Soon after sunrise she went into the little temple attached to the house, and made an offering to the statue, which, under the form of Osiris, represented her lost husband; then she went to the temple of Anion, where she also prayed a while, and nevertheless, on her return home, found that her daughter had not yet made her appearance in the hall where they usually breakfasted together.
Katuti preferred to be undisturbed during the early morning hours, and therefore did not interfere with her daughter’s disposition to sleep far into the day in her carefully-darkened room.
When the widow went to the temple Nefert was accustomed to take a cup of milk in bed, then she would let herself be dressed, and when her mother returned, she would find her in the veranda or hall, which is so well known to the reader.
To-day however Katuti had to breakfast alone; but when she had eaten a few mouthfuls she prepared Nefert’s breakfast—a white cake and a little wine in a small silver beaker, carefully guarded from dust and insects by a napkin thrown over it—and went into her daughter’s room.
She was startled at finding it empty, but she was informed that Nefert had gone earlier than was her wont to the temple, in her litter.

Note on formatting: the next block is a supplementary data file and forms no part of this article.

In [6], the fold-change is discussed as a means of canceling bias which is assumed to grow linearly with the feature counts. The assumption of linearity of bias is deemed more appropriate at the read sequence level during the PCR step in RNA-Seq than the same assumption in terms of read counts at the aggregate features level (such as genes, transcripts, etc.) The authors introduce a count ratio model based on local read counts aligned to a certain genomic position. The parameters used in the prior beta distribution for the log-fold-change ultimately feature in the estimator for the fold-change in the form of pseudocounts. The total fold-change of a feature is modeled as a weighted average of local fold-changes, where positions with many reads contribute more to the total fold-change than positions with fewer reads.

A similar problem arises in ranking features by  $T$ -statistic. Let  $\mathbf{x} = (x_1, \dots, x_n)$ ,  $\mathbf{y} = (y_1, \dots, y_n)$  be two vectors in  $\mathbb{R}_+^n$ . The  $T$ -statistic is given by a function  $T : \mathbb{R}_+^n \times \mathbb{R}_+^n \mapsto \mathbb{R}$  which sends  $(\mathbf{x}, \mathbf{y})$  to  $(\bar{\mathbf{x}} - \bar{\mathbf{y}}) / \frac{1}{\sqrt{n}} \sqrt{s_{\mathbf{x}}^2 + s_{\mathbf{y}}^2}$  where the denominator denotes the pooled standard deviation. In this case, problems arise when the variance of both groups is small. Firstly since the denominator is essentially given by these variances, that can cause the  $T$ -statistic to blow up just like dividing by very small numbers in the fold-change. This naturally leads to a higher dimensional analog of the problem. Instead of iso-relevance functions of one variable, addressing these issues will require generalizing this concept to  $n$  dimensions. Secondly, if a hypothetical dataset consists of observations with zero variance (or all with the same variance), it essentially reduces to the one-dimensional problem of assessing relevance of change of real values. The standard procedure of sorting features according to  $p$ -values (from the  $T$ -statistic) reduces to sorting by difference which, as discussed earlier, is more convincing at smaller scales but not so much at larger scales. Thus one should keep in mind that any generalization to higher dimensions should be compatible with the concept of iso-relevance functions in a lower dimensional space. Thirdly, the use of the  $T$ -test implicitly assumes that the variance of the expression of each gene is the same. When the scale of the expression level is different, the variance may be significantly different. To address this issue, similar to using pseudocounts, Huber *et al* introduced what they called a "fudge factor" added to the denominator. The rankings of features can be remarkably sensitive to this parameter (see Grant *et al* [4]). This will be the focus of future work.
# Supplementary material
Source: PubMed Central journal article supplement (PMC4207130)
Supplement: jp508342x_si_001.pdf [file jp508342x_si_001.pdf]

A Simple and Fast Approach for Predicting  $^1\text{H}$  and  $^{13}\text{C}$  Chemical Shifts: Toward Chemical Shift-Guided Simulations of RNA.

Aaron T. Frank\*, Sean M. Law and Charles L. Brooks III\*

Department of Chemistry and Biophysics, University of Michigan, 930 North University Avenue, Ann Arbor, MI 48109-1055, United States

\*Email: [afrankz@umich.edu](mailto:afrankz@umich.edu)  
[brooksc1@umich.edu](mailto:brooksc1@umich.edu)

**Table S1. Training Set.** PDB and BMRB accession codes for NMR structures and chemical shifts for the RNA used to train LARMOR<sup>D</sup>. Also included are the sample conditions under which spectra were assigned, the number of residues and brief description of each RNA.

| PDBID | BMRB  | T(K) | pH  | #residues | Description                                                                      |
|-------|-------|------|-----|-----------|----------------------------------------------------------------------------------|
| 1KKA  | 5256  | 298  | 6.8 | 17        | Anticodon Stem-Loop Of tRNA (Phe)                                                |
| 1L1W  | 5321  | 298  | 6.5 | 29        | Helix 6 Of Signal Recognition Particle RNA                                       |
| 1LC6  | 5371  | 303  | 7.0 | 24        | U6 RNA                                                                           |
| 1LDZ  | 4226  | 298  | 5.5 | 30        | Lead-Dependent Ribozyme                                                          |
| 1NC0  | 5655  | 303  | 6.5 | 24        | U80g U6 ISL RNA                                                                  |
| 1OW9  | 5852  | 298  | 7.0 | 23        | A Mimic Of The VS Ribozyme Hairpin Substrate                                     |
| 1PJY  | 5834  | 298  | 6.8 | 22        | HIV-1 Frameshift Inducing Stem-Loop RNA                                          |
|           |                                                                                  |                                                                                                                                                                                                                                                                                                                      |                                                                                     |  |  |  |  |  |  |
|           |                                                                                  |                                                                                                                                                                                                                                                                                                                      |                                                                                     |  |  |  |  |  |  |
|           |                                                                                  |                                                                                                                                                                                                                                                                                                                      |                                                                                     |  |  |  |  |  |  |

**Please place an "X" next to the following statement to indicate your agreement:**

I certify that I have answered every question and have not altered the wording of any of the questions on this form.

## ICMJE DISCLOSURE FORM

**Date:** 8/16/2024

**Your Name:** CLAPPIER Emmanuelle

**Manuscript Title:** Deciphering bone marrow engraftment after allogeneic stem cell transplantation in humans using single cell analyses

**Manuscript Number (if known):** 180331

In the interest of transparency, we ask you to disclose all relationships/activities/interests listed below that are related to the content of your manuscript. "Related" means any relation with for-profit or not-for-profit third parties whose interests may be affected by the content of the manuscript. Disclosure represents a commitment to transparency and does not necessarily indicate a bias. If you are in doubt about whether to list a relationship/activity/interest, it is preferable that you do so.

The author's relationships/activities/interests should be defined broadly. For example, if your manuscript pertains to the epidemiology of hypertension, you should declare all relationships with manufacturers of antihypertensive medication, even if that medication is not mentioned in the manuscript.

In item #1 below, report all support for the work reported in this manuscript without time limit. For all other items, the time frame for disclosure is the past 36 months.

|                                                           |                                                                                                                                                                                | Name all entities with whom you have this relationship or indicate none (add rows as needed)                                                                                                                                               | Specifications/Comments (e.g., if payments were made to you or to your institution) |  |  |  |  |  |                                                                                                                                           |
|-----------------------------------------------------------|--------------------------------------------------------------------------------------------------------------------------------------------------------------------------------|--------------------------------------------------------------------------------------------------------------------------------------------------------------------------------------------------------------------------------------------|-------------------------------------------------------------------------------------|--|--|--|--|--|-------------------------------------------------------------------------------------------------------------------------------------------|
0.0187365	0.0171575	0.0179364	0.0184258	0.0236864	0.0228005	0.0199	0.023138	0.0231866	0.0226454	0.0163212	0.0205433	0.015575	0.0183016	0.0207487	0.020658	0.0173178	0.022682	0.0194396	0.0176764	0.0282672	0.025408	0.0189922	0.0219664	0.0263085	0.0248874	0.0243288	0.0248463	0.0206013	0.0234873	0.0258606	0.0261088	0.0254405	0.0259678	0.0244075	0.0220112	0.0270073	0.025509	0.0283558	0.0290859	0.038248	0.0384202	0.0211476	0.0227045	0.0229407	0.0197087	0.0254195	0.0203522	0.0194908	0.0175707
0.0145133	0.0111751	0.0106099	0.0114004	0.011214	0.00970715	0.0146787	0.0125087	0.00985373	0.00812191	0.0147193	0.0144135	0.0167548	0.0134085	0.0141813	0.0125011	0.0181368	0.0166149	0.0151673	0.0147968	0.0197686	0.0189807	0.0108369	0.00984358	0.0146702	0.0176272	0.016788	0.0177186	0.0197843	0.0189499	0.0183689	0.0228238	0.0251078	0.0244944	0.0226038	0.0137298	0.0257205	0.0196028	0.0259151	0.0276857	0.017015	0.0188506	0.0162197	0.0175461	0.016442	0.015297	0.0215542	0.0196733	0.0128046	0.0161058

With a heavy sigh she returned to the veranda, and there received her nephew Paaker, who had come to enquire after the health of his relatives, followed by a slave, who carried two magnificent bunches of flowers, and by the great dog which had formerly belonged to his father. One bouquet he said had been cut for Nefert, and the other for her mother.
[Pictures on the monuments show
that in ancient Egypt, as at the
present time, bouquets of flowers were bestowed as tokens of
Katuti had taken quite a new interest in Paaker since she had heard of his procuring the philter.
No other young man of the rank to which they belonged, would have allowed himself to be so mastered by his passion for a woman as this Paaker was, who went straight to his aim with stubborn determination, and shunned no means that might lead to it. The pioneer, who had grown up under her eyes, whose weaknesses she knew, and whom she was accustomed to look down upon, suddenly appeared to her as a different man—almost a stranger—as the deliverer of his friends, and the merciless antagonist of his enemies.
These reflections had passed rapidly through her mind. Now her eyes rested on the sturdy, strongly-knit figure of her nephew, and it struck her that he bore no resemblance to his tall, handsome father. Often had she admired her brother-in-law’s slender hand, that nevertheless could so effectually wield a sword, but that of his son was broad and ignoble in form.
While Paaker was telling her that he must shortly leave for Syria, she involuntarily observed the action of this hand, which often went cautiously to his girdle as if he had something concealed there; this was the oval phial with the rest of the philter. Katuti observed it, and her cheeks flushed when it occurred to her to guess what he had there.